Color me surprised. Our good friends at Mayor Bloomberg’s anti-gun agitprop machine thetrace.org report that Feds Say One of Chicago’s Last ‘Violence Interrupters’ Was Really a Gang Leader. Don’t get me wrong. I’m surprised by The Trace’s coverage, not the story.
We’ve been highlighting the insanity of paying convicted criminals huge salaries to stop convicted criminals from shooting one another (and others) for years. Baltimore “Violence Interrupters” Caught Dealing Drugs, Possessing Illegal Guns, for example. And New York City Paying $12.7m to Unaccountable Felons to Curb “Gun Violence”.
It’s such a ridiculous concept, so fundamentally corrupt and ineffective, that even The Trace has been forced to take note . . .
Francisco Sanchez said his days as a gang leader on Chicago’s West Side were over.
At 50, he said he had seen numerous lives ruined by violence — young people losing the best years of their lives to prison; children left without parents in the name of petty disputes and turf wars. That’s why he became something else: a leader in an organization committed to ending gun violence.
But last week, federal prosecutors charged that Sanchez’s redemption had been a sham. They said that at the same time Sanchez was moonlighting as a supervisor at CeaseFire Illinois, he was heading up one of Chicago’s most violent street gangs, the Gangster Two-Six Nation.
Get this: The Trace feels so chastened they link to a previous story lauding Mr. Sanchez’ work to reduce “gun violence.” And write “The arrest of one of the chapter’s highest-profile remaining workers renews questions about whether using ex-gang members and felons as outreach workers is worth the risks associated with doing so.” (Hint: it isn’t.)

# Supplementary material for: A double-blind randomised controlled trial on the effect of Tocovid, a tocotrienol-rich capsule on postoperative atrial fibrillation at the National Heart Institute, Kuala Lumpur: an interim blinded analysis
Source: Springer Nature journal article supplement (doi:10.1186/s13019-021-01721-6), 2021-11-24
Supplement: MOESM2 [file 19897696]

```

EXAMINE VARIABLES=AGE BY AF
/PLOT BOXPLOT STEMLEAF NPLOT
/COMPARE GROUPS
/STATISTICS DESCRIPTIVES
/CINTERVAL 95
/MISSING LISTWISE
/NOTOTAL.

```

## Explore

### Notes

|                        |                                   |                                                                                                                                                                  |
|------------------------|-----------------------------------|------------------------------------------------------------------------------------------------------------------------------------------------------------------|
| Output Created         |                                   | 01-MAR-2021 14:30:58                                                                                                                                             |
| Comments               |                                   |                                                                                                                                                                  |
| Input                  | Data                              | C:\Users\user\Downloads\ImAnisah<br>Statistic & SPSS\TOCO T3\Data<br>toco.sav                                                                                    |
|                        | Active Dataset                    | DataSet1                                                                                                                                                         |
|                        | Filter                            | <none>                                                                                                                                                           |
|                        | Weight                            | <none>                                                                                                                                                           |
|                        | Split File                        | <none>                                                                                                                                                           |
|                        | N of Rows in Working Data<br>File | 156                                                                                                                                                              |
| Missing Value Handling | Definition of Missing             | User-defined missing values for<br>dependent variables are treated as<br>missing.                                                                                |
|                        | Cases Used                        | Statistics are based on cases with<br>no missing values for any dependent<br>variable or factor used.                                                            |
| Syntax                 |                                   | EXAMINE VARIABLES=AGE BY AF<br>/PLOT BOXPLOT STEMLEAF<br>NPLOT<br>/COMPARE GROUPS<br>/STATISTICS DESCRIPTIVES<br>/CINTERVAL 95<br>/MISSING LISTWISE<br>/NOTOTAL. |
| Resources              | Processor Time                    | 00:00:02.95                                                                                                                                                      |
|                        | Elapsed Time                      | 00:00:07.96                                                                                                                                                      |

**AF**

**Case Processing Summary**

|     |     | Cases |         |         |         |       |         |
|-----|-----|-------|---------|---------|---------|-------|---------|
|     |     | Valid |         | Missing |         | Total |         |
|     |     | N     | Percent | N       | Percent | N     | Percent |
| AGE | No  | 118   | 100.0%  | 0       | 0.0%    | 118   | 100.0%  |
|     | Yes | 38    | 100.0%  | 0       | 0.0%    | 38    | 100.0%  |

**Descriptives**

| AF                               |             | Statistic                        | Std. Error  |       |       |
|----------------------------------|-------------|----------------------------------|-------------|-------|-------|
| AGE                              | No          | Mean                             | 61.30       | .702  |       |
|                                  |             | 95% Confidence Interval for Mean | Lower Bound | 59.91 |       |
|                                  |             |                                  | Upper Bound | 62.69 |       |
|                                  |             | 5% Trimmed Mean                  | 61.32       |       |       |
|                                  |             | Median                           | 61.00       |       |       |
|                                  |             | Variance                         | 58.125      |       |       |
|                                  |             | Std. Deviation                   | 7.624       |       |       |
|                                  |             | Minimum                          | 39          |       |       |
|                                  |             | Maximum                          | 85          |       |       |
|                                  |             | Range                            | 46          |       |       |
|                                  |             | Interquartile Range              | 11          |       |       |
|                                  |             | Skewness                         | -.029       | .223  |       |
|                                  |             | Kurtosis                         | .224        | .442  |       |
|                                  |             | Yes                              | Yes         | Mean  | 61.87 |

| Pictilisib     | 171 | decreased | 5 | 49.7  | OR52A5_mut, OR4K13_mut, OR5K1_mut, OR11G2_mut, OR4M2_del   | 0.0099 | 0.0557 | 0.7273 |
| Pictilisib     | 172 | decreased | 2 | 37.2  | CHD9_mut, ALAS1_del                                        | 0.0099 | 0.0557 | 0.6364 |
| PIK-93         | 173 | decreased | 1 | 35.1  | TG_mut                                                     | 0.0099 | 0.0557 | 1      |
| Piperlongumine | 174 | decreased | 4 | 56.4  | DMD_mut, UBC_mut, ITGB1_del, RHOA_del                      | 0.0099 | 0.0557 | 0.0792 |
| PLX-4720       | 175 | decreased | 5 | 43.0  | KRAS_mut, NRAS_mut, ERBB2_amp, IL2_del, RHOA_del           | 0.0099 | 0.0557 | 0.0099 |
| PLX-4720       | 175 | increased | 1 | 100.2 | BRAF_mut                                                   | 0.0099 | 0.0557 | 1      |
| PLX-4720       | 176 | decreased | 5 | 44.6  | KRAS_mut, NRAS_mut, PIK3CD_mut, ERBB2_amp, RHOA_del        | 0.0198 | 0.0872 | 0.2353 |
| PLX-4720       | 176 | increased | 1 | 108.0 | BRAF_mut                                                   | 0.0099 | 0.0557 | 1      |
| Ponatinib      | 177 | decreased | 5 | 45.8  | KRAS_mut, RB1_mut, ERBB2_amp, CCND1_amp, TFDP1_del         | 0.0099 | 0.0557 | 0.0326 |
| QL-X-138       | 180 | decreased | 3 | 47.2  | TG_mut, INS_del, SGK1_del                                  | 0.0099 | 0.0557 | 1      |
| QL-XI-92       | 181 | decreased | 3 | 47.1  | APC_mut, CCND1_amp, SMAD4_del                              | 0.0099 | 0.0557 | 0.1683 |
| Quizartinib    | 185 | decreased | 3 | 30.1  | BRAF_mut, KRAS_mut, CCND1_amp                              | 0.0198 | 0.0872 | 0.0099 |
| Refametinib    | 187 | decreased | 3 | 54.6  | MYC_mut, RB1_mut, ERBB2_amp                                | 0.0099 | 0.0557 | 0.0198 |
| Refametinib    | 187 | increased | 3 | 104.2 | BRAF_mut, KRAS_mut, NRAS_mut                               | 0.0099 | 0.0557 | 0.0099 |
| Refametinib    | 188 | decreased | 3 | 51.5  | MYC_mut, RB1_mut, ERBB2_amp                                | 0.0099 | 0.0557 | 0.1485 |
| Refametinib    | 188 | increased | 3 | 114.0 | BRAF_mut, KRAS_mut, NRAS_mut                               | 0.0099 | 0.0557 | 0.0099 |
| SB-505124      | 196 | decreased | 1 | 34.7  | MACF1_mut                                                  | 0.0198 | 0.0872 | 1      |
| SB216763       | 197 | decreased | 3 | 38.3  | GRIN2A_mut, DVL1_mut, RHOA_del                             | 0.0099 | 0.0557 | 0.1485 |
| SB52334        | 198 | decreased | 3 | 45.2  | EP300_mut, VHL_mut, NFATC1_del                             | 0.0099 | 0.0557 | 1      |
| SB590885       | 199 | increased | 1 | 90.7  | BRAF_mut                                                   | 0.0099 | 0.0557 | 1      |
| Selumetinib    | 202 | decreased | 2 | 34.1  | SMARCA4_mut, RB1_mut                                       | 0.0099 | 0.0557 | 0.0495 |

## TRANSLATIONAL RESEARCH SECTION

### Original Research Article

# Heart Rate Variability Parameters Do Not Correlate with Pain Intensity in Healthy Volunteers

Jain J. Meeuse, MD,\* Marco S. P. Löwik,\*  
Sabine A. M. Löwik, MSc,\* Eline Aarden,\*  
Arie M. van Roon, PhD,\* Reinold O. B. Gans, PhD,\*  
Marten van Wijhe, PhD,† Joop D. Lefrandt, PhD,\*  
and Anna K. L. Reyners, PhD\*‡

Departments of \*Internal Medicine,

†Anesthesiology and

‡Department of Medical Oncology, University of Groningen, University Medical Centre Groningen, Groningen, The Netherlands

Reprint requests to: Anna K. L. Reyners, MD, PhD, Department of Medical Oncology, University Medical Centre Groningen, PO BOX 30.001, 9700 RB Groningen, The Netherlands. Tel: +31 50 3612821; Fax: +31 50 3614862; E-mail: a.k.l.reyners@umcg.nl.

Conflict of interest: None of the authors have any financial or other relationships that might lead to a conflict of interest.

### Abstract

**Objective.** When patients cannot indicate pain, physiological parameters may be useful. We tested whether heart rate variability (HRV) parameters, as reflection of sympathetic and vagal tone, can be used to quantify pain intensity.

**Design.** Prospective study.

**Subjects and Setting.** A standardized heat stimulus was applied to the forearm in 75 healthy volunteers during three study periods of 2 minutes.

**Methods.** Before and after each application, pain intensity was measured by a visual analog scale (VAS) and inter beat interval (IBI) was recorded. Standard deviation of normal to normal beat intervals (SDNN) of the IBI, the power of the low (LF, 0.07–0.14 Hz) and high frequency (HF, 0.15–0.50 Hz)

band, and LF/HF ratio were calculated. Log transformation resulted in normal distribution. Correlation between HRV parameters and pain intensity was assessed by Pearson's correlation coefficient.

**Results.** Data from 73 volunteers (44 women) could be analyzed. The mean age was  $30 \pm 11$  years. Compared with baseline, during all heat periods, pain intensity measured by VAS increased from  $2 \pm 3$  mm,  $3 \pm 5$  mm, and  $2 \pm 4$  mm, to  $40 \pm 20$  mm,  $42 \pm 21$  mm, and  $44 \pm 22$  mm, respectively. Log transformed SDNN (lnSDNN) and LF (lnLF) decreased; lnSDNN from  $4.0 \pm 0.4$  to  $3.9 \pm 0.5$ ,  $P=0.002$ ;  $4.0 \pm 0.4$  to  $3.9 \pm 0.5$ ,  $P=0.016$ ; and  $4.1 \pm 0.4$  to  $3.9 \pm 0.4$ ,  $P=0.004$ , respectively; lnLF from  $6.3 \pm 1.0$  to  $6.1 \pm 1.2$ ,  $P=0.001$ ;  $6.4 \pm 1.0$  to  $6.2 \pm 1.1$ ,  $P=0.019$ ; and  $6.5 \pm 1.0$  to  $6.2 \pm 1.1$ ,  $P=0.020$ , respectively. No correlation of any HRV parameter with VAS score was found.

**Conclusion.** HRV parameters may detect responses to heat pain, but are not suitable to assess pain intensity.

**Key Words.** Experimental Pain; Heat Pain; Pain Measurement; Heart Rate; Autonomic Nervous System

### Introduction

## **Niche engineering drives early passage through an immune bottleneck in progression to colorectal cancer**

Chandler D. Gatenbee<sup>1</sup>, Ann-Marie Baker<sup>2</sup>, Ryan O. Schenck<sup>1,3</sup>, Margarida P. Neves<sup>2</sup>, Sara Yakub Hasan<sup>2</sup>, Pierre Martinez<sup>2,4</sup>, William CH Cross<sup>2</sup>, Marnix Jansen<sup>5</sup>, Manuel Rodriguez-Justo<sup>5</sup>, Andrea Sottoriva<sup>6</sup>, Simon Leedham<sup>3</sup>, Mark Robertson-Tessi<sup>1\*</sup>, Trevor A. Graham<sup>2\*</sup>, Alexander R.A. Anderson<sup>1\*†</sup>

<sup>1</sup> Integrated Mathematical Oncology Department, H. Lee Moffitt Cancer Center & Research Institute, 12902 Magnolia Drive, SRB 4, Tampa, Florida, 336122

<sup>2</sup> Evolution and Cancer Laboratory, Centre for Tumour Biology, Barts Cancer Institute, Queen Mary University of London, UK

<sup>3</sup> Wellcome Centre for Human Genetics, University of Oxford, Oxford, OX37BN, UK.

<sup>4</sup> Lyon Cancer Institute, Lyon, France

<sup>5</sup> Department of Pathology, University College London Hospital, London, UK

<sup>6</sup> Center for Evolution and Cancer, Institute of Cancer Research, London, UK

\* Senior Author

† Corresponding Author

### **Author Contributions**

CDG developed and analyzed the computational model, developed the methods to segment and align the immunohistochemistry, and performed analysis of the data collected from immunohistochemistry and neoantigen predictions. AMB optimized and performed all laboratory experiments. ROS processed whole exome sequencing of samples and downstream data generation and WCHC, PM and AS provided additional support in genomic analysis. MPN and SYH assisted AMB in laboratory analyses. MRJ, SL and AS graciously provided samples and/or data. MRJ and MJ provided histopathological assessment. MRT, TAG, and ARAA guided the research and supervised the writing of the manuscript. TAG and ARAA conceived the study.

Of course, in the current piece, writer Ann Givens feels obliged — or was obliged — to include a defense of violence interrupters programs.
Jeffrey Butts, a professor at John Jay College of Criminal Justice who is studying the effectiveness of Cure Violence, said it is unfair to argue that the arrest of an outreach worker means that the entire program should be disbanded.
“Everyone loves to jump on this story every time,” Butts said. “We never do that when a police officer shoots an innocent person. We may say, ‘We should be more careful who we hire,’ or ‘We need to train people better,’ but we never say ‘We should stop having police officers patrol our streets.’”
Butts also pointed out that the very thing that makes Cure Violence effective requires that it employ people with gang and criminal histories. When a member of Alcoholics Anonymous goes back to drinking, the validity of the whole program is not questioned, Butts said.
That is perhaps the best possible example of fake moral equivalence I’ve ever encountered. When gang bangers go back to banging people die. The piece ends with a defense of Mr. Sanchez from his defense attorney.
Doherty, Sanchez’s lawyer, said he’s known Sanchez for years. He said that Sanchez has asked him to speak to young people in West Chicago about the horrors of prison, and that Sanchez has done small jobs for him — like delivering documents for $50 a job. No gang chief would need to deliver documents for such a paltry sum, or work for Cure Violence for a salary of about $30,000 a year, Doherty said.
“I think they’ve made a sad error here,” he said.
Someone has, and for once, it ain’t the ATF.